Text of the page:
The church wasn’t equipped to be landlords; the boiler, plumbing, electrical systems were all outdated and there are no wheelchair accessible entrances. The Diocese of Lansing made the decision they weren’t going to invest money in fixing anything and the committee agreed that the buildings needed to go.

   Colleen Tinsey, Director of Administration added, “The proximity of the school to the church building, we can’t just sell to anyone without that impacting our worship space or have people living there if converted to apartments, where would our parishioners park? Those living in the apartments park? Do we have the ability to discriminate who lives there and if their lifestyles follow the teachings of the Church. It becomes a complex problem.”

  Demolition is set to begin by the end of the year. Burnash Wrecking is doing the demolition and they will be moving in equipment soon. They estimate it will take about four weeks to demolish the school and then they will begin work on the convent.

  The plan after demolition is to put in a church parking lot and a new west entrance to the church. Over 40 funerals per year are held at the church and caskets have to be carried in from Howell Street, around to the front of the building on M-21. A new parking lot will allow an accessible entrance to the parish office. Once the new parking lot is built, the parish hopes to sell the parking lots across the street to recoup some of the money back from demolition and the new parking lot.

  Many have asked if any historic artifacts have been saved from the school. Several alumni and retired teachers searched through everything and saved championship trophies, a band drum, class pictures and yearbooks, that will be placed in a display case in the parish hall. The center of the gym floor was salvaged to put on the wall of the current school and the limestone “St. Paul School” that hung over the entry doors was salvaged and will go into a brick memorial by the church. Also, the memorial bricks that surrounded the flagpole behind the old school were all moved and put around the flagpole at the school. There will be bricks available to anyone who wants some once the demolition begins.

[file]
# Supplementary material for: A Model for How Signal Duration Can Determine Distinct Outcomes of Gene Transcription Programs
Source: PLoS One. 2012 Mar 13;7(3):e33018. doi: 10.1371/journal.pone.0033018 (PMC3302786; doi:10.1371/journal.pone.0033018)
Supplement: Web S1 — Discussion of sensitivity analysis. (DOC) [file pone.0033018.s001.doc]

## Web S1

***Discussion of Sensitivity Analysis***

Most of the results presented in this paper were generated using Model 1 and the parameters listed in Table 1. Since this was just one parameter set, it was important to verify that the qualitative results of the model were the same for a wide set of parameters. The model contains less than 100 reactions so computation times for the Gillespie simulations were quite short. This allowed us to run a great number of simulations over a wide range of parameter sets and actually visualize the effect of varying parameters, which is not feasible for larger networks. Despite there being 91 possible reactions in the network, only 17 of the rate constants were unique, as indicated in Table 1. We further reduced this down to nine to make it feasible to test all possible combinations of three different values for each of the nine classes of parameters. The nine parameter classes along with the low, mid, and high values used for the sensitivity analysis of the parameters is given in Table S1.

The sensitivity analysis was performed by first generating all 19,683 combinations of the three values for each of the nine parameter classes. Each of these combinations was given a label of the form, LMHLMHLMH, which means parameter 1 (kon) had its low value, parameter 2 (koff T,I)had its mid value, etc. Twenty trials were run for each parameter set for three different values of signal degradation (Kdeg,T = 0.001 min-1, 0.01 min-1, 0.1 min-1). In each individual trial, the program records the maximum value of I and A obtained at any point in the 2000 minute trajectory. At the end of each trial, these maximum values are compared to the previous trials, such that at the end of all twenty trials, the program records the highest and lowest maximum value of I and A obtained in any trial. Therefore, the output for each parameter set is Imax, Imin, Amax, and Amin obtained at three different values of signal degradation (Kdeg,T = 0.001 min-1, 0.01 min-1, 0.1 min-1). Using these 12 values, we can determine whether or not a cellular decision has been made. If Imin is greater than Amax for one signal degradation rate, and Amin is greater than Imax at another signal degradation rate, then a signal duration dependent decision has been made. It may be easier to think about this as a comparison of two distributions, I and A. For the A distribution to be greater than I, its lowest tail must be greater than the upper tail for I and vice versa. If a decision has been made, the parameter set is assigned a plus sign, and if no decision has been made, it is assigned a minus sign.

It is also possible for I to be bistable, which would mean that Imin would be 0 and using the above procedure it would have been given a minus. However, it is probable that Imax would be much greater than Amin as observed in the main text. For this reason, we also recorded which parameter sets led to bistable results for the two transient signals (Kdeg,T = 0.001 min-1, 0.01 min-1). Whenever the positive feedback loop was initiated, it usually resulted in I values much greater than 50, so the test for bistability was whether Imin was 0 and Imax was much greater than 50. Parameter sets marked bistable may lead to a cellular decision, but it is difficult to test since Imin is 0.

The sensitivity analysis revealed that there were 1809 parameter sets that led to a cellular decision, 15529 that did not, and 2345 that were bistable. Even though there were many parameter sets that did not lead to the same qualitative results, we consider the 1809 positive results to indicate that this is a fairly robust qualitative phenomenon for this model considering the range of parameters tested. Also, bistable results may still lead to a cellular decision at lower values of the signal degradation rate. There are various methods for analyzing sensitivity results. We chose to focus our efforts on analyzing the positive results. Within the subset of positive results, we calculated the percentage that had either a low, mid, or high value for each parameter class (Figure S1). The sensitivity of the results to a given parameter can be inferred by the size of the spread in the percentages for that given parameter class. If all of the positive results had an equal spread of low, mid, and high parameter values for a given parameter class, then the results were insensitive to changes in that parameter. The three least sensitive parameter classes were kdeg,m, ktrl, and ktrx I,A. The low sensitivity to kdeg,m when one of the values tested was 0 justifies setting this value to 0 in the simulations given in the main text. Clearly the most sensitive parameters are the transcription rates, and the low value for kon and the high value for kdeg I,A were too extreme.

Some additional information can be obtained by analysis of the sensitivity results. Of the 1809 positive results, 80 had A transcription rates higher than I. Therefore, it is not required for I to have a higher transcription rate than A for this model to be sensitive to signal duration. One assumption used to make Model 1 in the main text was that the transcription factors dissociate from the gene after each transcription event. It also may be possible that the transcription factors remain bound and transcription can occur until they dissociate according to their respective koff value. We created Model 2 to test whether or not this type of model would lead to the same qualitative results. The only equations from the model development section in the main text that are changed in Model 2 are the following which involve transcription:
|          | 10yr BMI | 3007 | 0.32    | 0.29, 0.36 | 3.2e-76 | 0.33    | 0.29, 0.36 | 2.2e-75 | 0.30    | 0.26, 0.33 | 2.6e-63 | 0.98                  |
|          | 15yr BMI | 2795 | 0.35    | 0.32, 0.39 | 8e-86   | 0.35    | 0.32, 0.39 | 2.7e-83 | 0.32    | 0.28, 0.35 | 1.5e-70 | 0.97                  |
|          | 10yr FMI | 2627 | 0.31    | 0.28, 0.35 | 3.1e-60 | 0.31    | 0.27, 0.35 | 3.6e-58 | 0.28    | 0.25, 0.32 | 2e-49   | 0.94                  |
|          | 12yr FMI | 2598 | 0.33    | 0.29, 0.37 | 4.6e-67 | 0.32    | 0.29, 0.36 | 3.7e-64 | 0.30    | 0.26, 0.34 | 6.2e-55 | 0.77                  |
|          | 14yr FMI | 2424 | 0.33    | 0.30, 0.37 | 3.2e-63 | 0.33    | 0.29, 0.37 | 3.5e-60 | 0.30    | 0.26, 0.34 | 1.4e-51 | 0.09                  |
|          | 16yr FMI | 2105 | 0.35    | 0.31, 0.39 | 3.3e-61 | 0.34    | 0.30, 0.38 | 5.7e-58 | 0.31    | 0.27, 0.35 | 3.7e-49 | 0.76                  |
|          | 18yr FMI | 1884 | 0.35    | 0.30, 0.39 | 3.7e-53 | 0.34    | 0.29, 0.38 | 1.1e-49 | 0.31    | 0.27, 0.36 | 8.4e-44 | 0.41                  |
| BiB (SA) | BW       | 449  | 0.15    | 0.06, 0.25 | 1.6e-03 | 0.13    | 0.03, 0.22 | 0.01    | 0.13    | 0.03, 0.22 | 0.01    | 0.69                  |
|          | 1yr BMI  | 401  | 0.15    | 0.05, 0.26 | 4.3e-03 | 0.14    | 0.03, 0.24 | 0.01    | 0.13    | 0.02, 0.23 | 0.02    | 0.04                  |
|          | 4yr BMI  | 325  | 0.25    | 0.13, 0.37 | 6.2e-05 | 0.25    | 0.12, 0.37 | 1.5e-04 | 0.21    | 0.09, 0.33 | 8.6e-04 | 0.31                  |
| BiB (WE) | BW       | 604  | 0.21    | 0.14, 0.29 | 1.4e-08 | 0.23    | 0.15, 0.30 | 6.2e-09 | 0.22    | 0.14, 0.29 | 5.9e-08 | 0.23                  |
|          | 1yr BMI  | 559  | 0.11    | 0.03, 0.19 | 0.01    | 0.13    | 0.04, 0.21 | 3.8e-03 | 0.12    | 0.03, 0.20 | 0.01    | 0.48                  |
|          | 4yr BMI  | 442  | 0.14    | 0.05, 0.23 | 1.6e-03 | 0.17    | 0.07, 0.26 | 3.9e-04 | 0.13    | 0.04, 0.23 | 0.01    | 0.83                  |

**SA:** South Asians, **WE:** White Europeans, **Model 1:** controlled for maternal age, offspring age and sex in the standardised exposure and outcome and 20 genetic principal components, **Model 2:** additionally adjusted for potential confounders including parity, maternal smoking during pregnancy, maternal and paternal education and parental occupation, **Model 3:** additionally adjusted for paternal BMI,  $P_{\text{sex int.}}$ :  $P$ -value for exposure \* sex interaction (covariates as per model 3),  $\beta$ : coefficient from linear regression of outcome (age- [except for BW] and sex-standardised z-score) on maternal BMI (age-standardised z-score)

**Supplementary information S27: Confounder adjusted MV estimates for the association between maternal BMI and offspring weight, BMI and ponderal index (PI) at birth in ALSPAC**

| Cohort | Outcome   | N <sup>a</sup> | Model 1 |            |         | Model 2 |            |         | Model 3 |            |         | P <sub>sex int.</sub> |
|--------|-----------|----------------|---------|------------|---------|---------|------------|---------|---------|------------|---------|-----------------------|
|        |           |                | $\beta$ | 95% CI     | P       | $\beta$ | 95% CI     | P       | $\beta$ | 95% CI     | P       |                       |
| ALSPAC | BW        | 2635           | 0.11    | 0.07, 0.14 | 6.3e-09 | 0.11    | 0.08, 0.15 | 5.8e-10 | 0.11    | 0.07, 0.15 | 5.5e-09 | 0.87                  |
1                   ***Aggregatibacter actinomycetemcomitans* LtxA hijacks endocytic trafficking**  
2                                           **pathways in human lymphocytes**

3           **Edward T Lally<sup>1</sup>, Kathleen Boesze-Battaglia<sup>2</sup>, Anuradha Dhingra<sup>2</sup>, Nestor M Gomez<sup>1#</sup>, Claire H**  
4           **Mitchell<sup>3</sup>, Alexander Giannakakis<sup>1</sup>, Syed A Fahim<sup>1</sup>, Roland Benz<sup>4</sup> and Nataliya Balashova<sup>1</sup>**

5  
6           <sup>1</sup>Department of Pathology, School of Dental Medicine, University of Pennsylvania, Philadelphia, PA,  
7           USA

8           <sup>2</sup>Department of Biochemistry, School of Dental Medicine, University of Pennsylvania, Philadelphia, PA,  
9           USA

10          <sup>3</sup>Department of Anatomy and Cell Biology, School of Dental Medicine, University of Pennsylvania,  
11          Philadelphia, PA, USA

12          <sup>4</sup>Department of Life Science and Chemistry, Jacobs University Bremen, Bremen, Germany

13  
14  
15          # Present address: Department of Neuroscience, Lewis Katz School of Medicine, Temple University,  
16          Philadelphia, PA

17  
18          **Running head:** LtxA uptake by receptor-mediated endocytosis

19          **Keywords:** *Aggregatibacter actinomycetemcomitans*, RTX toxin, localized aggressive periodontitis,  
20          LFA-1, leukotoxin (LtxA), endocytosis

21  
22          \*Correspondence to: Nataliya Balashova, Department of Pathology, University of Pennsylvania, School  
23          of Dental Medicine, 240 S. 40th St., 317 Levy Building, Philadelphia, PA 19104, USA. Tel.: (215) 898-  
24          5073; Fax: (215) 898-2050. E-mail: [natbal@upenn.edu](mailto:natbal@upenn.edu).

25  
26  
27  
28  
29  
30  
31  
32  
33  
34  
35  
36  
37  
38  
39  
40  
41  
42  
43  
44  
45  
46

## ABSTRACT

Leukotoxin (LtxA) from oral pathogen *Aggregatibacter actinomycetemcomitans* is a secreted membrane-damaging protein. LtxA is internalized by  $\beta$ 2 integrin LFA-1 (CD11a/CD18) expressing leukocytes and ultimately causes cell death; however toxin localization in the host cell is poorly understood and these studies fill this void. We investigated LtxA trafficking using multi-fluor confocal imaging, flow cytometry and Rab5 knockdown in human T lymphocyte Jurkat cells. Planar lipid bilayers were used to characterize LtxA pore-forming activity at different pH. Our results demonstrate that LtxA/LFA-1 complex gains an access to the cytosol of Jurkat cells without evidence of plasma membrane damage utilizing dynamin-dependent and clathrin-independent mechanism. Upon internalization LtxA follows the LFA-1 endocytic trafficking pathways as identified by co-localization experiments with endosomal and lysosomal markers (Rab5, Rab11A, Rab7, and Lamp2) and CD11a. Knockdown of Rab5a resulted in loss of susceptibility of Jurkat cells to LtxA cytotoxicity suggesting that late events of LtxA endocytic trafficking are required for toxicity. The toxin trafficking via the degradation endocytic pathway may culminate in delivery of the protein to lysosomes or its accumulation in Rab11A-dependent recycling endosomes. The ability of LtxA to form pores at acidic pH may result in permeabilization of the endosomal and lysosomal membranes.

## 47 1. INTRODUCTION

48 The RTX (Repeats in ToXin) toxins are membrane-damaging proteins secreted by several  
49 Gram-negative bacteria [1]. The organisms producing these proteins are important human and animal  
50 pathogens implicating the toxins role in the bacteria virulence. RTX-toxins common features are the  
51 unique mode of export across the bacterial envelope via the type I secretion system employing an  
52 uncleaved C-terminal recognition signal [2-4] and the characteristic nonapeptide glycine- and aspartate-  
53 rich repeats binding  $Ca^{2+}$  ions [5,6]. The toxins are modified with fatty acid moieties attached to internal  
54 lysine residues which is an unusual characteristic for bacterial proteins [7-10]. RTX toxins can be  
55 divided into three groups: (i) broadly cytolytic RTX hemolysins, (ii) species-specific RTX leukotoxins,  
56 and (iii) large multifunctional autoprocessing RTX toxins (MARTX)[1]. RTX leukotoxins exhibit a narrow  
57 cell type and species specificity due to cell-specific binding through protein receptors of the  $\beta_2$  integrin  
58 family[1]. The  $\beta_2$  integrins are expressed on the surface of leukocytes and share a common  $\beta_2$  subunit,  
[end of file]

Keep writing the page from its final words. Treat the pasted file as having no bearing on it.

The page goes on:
“I understand the emotional attachment that many in the community have for St. Paul School, there were many great memories and friendships made there. However, what people don’t understand is that we don’t receive tax dollars for our school students. We rely on enrollment and the generous support of our parishioners to keep our school and parish operating and to maintain our facilities. Over the years, a Catholic education became less of a priority for families and just like other Catholic schools we have seen our enrollment decline. We have also experienced a decrease in the number of Catholics who attend Mass and those who financially support the parish. The decision to move the school and now to demolish the buildings is based on many factors and a lot of thought, prayers and input went into making those decisions,” said Tinsey.

  Buysee added, “This was not an easy decision to make. A lot of families have a lot of memories that were made at the St. Paul School. I hope everyone realizes that the committee can’t make decisions. All we do is make recommendations and pass them on to the Pastor and the Diocese.”

St. Paul School and Convent Soon to Be A Thing of the Past was last modified: December 22nd, 2021 by Karen Elford